How many times do we here the words, "When will I ever use this?" in math class? In the media? Every couple of years, there is an editorial in a major newspaper questioning the relevance of teaching students algebra, and questions about whether or not it is necessary for all students to learn.

Math teachers often lament hearing their students ask this very question. We can reply with general, well-meaning answers including statements that it helps build problem solving skills, good work habits, the ability to follow procedures, and the ability to think logically. I've seen lists of careers that depend on higher math (most of which will be sadly outdated by the time students graduate), or a chart of expected income based on the level of math successfully completed. But few actually answer these questions specifically, head-on. I often find myself wondering why this questions persists, and also, why so many of us dread it and skirt the issue.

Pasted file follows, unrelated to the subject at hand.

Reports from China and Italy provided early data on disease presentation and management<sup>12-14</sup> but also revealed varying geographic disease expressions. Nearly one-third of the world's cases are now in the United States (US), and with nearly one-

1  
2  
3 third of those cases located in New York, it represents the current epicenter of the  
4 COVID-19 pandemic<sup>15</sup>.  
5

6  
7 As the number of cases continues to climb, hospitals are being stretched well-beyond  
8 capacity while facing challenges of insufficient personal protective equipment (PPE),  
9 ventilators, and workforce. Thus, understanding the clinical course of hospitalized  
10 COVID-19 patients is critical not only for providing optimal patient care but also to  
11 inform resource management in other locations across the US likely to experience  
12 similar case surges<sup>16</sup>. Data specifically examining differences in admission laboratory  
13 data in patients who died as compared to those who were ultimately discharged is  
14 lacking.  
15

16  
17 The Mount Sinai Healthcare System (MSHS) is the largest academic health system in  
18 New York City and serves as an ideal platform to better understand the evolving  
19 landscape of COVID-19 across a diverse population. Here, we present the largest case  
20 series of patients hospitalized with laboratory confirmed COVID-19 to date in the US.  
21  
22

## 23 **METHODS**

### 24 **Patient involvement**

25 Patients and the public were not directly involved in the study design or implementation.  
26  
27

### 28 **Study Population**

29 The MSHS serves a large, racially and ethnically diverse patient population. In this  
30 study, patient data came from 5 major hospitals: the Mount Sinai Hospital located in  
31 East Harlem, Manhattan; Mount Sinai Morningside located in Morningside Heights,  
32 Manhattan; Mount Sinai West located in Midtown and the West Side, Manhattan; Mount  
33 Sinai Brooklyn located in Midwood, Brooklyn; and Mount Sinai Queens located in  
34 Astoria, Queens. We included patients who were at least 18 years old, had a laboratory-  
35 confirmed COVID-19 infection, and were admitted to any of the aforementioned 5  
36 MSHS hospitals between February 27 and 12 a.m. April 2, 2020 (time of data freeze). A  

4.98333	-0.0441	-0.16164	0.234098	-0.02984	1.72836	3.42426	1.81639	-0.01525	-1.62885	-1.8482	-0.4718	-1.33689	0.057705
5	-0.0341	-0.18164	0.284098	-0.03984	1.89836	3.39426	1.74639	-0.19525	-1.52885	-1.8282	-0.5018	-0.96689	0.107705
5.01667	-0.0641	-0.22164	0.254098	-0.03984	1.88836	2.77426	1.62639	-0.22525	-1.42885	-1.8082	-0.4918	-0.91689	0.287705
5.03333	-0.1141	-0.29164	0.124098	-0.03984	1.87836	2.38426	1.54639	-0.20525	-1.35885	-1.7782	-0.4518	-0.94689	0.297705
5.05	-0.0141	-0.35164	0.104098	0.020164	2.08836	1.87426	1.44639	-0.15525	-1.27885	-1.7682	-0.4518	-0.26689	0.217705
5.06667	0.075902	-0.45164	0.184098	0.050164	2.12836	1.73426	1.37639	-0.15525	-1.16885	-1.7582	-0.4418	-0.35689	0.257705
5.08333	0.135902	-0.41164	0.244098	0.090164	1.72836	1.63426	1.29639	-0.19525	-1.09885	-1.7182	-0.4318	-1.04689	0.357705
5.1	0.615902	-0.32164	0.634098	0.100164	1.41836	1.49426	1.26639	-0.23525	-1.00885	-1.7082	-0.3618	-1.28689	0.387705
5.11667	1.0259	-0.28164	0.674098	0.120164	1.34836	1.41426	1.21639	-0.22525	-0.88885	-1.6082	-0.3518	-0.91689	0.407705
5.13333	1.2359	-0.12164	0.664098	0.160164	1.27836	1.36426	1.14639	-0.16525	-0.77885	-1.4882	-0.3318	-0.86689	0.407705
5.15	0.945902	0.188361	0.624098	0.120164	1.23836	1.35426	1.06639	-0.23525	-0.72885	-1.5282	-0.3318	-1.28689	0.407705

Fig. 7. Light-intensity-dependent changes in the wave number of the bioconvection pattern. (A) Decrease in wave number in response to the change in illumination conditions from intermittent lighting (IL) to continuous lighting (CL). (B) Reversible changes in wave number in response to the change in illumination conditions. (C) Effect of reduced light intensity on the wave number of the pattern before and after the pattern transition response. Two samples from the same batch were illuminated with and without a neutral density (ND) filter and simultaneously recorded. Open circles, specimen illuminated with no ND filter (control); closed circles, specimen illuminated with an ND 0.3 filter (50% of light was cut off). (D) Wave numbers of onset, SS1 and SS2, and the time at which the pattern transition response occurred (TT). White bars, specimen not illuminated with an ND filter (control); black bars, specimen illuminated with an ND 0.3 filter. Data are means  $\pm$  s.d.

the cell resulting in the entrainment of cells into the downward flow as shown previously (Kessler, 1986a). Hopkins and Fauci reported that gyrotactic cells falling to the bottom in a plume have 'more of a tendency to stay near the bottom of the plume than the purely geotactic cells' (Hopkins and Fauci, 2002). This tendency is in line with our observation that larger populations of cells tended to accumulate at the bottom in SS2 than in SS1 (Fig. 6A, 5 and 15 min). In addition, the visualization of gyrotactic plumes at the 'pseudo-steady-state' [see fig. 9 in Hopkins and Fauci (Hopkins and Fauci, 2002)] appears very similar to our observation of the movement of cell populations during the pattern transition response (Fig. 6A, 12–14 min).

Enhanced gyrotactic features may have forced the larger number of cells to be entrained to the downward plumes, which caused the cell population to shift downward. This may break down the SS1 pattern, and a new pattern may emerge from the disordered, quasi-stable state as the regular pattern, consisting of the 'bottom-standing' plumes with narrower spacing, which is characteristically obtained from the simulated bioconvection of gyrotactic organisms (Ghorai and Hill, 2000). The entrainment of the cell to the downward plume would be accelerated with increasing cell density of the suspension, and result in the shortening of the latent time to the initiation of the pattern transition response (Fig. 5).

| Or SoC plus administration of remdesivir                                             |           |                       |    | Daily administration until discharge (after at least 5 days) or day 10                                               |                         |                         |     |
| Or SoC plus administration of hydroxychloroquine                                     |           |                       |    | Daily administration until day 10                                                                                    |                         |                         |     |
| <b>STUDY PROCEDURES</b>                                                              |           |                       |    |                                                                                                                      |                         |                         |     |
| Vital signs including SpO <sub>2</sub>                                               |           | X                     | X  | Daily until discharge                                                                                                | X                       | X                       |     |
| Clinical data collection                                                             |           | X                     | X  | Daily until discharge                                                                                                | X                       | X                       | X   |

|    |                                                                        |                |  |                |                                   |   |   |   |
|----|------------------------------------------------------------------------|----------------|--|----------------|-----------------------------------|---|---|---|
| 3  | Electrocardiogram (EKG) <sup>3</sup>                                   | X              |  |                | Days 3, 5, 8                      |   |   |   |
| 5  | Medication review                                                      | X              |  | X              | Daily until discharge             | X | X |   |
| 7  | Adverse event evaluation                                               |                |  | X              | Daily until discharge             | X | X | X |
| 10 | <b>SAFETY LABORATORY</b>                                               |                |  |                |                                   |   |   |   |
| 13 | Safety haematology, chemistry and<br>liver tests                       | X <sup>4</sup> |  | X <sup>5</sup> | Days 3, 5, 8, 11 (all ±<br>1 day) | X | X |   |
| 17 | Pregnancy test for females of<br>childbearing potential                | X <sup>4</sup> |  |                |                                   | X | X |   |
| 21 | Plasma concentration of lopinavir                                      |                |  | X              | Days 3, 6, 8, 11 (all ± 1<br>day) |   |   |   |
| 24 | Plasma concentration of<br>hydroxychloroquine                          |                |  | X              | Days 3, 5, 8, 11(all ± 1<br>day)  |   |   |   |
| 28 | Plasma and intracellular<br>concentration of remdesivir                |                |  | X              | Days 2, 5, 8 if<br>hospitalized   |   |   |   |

When I took math in high school, the purpose of most of what we worked on was a complete mystery. However, I did not feel free to ask questions such as "How do we know this?", "How is this used?" and "Who discovered this, and why?", for fear of being considered rude and disrespectful. The answers would have meant a great deal to me as a student. It might have given me reason to finish the pages of textbook-based problems assigned each night on a more regular basis. I also wonder if this lack of connection might not lie at the root of our society's math phobia problems. When learning happens in isolation without the benefit of connecting to relevant applications, it becomes by default a mystery, much like an untranslated ancient language.

Luckily, the Rosetta Stone for math exists through simple internet searching. Math appreciation through learning about how, where, why and by whom the concepts were developed and learning about abstract and concrete connections of concepts and applications are all readily available.

Math teaching has changed somewhat since then, but there is still a tendency toward abstraction without explanation and connection as students move into more complex math, and this, I believe, is one area in which math instruction can and must improve. While it is true that there is a great deal of material to "cover" in the higher grades, what purpose is there to this if students fail to see the relevance and drop or fail out of it, or simply go through the motions of applying algorithms without seeing the purpose and beauty within?